Conservative author Patrick Buchanan, in a syndicated column reprinted on the news blog Human Events and other venues, says that President Obama received what he calls an “affirmative action Nobel Prize.” Buchanan is referring to the recent granting of the Nobel Peace Prize to Obama, in what the Nobel committee called recognition of “his extraordinary efforts to strengthen international diplomacy and cooperation between peoples.” Buchanan notes that former President Ronald Reagan never received the Peace Prize for concluding a historic arms-reduction treaty with the Soviet Union (see December 7-8, 1987). Nor did Pope John Paul II, for his role in ending the Cold War between the US and the Soviet Union. He lists other presidents who have won the Peace Prize, and asks, “What has Obama accomplished to compare with what the other sitting presidents to receive the Nobel Prize accomplished?” Buchanan says that since the news of Obama’s Peace Prize has been reported, Obama “has been a national object of mockery and mirth. In fairness, this is not his fault. There is no evidence he lobbied for the prize; no evidence he knew it was coming.” Buchanan calls the award “ridiculous,” says the Nobel committee “made fools of themselves” by giving Obama the award, and says the committee gave Obama the award mainly for not being George W. Bush. [Nobel Prize (.org), 4/29/2009; Human Events, 10/13/2009]

Entity Tags: George W. Bush, Barack Obama, John Paul II, Patrick Buchanan, Ronald Reagan

Timeline Tags: Domestic Propaganda

American Third Position logo.American Third Position logo. [Source: Octoberfreedom (.com)]William Daniel Johnson, a white nationalist corporate lawyer, joins with California State University professor Kevin MacDonald and white nationalist radio host James Edwards to form the American Third Position (A3P), a California-based white supremacist political party. The party is assisted by Jamie Kelso, a former colleague of Ku Klux Klan leader David Duke. Johnson and his colleagues have plans to run candidates for office throughout the nation. According to the A3P Web site: “The American Third Position exists to represent the political interests of White Americans.… We want an America that is recognizable to us, one that we can feel comfortable in.” In a February 2010 interview on Edwards’s radio show The Political Cesspool, Johnson will explain: “The initial basis of our own upstart organization is the racial nationalist movement. It has been in disarray for the last 20 years so there’s not as large a base for us to draw on.”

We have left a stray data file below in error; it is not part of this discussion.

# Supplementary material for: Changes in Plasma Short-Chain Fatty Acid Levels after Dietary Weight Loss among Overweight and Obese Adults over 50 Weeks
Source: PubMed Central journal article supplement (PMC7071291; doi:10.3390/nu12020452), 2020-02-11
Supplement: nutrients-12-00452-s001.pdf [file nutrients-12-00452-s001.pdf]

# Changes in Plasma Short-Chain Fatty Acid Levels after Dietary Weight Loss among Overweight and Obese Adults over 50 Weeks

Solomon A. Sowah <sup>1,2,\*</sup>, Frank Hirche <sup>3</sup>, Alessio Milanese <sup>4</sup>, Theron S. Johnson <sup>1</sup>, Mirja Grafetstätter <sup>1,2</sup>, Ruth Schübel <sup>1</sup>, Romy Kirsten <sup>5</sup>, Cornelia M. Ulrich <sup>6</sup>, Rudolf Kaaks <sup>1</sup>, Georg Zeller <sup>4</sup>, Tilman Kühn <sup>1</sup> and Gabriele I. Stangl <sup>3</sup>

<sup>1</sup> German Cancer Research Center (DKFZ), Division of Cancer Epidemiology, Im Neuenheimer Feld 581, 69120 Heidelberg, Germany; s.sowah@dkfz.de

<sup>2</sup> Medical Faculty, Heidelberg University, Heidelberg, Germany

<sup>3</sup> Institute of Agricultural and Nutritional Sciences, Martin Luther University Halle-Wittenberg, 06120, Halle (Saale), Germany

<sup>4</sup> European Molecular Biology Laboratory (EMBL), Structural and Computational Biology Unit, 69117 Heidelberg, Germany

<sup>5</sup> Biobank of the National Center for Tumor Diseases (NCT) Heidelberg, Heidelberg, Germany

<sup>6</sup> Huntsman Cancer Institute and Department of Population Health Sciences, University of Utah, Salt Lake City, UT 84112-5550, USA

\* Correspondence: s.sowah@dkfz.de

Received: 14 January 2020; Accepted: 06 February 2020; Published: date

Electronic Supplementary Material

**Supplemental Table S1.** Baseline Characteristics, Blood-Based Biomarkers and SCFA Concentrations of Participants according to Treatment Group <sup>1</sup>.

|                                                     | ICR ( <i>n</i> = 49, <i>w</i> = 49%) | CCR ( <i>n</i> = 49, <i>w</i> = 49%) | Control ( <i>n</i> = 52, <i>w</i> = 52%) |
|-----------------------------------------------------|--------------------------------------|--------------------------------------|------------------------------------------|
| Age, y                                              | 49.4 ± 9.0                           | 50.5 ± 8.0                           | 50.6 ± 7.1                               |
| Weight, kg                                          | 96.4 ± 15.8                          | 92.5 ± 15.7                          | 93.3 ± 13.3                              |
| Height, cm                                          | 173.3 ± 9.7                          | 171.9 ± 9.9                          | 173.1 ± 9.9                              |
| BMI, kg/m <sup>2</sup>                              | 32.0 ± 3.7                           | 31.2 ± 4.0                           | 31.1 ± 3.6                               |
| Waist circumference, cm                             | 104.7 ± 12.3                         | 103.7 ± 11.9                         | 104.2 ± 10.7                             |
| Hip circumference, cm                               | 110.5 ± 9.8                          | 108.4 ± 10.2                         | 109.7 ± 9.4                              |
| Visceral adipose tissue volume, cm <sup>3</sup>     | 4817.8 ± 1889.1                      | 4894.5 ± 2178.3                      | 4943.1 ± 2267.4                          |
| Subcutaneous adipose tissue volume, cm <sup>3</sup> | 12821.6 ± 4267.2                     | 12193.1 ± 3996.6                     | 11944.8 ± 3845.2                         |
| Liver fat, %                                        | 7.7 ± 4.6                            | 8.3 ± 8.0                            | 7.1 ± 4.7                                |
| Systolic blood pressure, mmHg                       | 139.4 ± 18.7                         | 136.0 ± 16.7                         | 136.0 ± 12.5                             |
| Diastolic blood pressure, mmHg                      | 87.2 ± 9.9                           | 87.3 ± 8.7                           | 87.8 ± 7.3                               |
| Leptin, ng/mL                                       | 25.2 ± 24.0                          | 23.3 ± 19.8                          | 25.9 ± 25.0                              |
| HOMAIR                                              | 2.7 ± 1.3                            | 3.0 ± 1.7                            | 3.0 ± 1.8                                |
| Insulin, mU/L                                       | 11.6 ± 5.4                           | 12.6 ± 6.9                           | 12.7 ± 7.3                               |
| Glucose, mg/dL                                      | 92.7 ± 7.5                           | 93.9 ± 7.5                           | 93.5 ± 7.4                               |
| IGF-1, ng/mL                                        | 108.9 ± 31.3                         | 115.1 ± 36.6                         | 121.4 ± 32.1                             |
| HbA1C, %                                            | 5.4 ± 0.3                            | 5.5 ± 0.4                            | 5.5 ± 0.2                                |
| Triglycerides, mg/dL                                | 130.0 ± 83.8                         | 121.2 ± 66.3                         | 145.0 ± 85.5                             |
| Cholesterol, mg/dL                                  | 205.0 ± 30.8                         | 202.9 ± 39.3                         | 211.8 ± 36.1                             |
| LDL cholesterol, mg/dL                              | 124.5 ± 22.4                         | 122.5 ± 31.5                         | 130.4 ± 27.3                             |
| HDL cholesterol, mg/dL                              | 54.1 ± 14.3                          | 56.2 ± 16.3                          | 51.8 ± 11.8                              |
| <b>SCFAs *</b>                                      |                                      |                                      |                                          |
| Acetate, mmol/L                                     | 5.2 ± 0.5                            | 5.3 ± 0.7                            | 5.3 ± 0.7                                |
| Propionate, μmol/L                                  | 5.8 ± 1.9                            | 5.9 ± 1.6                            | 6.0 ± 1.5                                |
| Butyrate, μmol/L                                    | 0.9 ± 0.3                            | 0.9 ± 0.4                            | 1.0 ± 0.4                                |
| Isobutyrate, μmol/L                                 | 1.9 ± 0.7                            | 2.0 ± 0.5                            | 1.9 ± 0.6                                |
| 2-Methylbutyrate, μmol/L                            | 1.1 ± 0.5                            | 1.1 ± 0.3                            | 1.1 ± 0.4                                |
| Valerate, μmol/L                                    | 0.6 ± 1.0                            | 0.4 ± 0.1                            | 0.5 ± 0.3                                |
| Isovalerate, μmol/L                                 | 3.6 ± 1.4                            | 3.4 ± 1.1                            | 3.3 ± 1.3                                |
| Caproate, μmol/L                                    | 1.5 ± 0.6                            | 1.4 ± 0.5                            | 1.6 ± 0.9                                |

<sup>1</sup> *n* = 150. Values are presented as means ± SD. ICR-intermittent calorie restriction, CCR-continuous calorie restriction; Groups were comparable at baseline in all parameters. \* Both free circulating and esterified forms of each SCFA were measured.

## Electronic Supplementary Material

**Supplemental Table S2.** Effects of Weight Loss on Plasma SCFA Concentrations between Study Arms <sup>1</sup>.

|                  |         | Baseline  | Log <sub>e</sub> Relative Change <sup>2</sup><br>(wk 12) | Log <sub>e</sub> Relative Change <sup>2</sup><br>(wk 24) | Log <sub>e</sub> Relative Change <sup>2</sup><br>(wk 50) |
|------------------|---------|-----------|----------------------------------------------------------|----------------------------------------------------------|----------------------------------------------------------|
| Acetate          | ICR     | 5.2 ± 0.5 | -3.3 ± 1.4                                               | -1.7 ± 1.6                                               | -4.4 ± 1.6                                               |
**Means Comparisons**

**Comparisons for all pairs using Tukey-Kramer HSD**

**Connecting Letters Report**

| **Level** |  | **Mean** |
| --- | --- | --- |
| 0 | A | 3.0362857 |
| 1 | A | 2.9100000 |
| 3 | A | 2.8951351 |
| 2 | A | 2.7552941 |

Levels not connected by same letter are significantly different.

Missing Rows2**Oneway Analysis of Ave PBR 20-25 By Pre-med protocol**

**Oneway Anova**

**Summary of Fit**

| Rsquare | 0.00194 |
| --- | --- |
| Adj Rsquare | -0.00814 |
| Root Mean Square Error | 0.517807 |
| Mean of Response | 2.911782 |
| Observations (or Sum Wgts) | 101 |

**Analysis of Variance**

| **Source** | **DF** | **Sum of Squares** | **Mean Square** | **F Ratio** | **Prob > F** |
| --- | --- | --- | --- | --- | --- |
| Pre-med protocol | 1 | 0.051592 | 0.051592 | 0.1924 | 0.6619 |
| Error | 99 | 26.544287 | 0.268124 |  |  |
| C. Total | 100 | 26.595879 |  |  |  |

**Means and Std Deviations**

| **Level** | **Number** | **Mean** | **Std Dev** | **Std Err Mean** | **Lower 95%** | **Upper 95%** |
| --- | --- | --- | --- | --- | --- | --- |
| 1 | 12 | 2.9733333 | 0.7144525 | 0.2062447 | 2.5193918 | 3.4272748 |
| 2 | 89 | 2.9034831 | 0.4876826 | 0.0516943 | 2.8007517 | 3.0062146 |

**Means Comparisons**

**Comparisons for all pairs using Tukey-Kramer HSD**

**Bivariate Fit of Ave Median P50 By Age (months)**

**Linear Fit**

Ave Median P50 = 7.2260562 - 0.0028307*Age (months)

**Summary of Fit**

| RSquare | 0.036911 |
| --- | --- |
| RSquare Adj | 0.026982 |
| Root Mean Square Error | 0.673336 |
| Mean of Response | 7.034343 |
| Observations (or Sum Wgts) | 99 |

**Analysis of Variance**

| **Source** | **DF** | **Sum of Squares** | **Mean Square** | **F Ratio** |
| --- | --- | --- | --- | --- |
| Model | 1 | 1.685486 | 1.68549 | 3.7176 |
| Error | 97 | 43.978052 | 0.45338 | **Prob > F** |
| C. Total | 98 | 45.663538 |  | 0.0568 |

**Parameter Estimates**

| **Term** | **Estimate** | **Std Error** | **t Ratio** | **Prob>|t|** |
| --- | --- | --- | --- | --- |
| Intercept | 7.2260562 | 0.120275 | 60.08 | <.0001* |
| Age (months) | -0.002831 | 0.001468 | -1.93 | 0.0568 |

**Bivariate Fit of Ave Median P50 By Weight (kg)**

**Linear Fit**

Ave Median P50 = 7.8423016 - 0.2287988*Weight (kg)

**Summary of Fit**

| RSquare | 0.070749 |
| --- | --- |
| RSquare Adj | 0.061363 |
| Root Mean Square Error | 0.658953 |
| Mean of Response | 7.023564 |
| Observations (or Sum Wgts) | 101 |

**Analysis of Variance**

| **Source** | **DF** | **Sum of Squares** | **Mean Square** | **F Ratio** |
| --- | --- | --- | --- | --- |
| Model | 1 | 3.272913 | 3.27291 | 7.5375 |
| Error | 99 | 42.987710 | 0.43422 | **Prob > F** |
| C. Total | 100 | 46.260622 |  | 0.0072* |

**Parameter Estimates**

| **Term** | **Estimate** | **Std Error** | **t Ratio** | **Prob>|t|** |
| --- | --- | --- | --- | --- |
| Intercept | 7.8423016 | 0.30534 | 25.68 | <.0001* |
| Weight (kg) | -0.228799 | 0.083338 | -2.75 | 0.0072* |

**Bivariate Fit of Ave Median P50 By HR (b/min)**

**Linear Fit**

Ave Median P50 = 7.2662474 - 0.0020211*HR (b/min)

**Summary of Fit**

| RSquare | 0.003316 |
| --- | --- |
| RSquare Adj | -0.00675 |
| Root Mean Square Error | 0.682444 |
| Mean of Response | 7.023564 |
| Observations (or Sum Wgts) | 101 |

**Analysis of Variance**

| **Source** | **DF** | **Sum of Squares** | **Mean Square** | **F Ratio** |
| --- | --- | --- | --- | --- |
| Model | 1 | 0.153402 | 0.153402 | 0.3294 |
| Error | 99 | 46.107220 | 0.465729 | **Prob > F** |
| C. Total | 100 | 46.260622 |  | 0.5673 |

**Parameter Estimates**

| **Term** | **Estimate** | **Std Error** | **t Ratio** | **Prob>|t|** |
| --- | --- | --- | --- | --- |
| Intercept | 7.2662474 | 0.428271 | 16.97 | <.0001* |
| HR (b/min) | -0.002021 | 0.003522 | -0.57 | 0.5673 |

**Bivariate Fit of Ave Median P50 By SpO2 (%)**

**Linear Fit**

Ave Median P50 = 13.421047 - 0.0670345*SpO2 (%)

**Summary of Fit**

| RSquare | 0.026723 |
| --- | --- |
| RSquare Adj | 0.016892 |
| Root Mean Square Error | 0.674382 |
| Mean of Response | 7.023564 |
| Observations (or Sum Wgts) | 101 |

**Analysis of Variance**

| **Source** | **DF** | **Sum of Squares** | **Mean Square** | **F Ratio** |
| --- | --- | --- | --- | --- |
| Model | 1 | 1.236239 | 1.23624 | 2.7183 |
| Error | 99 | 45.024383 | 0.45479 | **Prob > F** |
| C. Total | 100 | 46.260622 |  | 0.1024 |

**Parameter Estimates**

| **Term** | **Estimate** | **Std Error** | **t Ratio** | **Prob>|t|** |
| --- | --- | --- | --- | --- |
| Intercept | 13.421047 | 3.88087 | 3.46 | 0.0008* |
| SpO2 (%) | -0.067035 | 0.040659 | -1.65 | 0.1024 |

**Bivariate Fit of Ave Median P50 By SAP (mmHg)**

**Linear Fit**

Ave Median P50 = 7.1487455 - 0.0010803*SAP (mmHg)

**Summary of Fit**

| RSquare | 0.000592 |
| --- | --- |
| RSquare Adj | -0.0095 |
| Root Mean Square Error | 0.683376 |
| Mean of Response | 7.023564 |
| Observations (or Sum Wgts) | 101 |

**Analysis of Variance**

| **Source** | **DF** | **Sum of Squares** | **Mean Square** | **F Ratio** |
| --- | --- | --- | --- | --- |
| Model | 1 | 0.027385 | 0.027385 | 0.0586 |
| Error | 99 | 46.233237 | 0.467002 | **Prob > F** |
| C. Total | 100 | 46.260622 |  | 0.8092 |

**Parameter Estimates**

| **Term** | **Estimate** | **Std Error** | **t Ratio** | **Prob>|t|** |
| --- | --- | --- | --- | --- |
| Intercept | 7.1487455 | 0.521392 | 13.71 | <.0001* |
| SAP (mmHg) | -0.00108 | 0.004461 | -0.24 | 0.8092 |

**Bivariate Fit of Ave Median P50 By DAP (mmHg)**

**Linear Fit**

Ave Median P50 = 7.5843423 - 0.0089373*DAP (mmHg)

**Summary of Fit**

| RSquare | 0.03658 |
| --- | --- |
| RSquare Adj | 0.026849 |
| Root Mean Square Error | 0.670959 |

Founding of A3P - A3P is formed from the remnants of the Golden State Party (GSP), a political party founded by the racist skinhead group Freedom 14. Members of Freedom 14, who organized the party via the forum of the Stormfront Web site (see March 1995), were known for handing out anti-immigration fliers in Orange County, California. In September 2009, when GSP members learned that their leader Tyler Cole was a convicted felon who had used at least two pseudonyms to hide his criminal past, Freedom 14 decided to abandon him and the GSP and start afresh. On October 15, they hold a meeting to form a new party and elect new leadership, choosing Johnson as their chairman. Johnson has long advocated the deportation of all non-white immigrants and citizens alike from the US, particularly anyone with what he has called an “ascertainable trace of Negro blood.” In 1986, he addressed the Aryan Nations World Congress to promote his anti-immigration book. There is little ideological difference between the A3P and the GSP; some of the latter’s policy statements are cut-and-pasted from the old GSP Web site. The A3P does not advocate violence; to achieve its goal of “purging” the US of all non-whites, it advocates the government offering financial incentives for immigrants to return to their countries of origin. The party is stringently pro-segregationist, attacking government policies encouraging integration and diversity as “tyrannical and racist.” The party says, “Parents have a right to choose where and with whom their children are schooled,” an argument used by segregationists during the civil rights movement. MacDonald is virulently anti-Semitic, a position reflected in the A3P policy statements. Edwards is a board member of the racist Council of Conservative Citizens (CCC), and uses his radio show to promote white nationalism and its leading advocates. Like MacDonald, Edwards is openly and crudely anti-Semitic; among his guests have been MSNBC commentator Pat Buchanan (see June 20, 2009), “birther” advocate Jerome Corsi (see August 1, 2008 and After), and right-wing icon Ted Nugent (see August 21-24, 2007). Former Croatian diplomat Tomislav Sunic and Don Wassall, another CCC member, round out A3P’s board of directors. [Octoberfreedom (.com), 3/23/2010; Southern Poverty Law Center, 2011]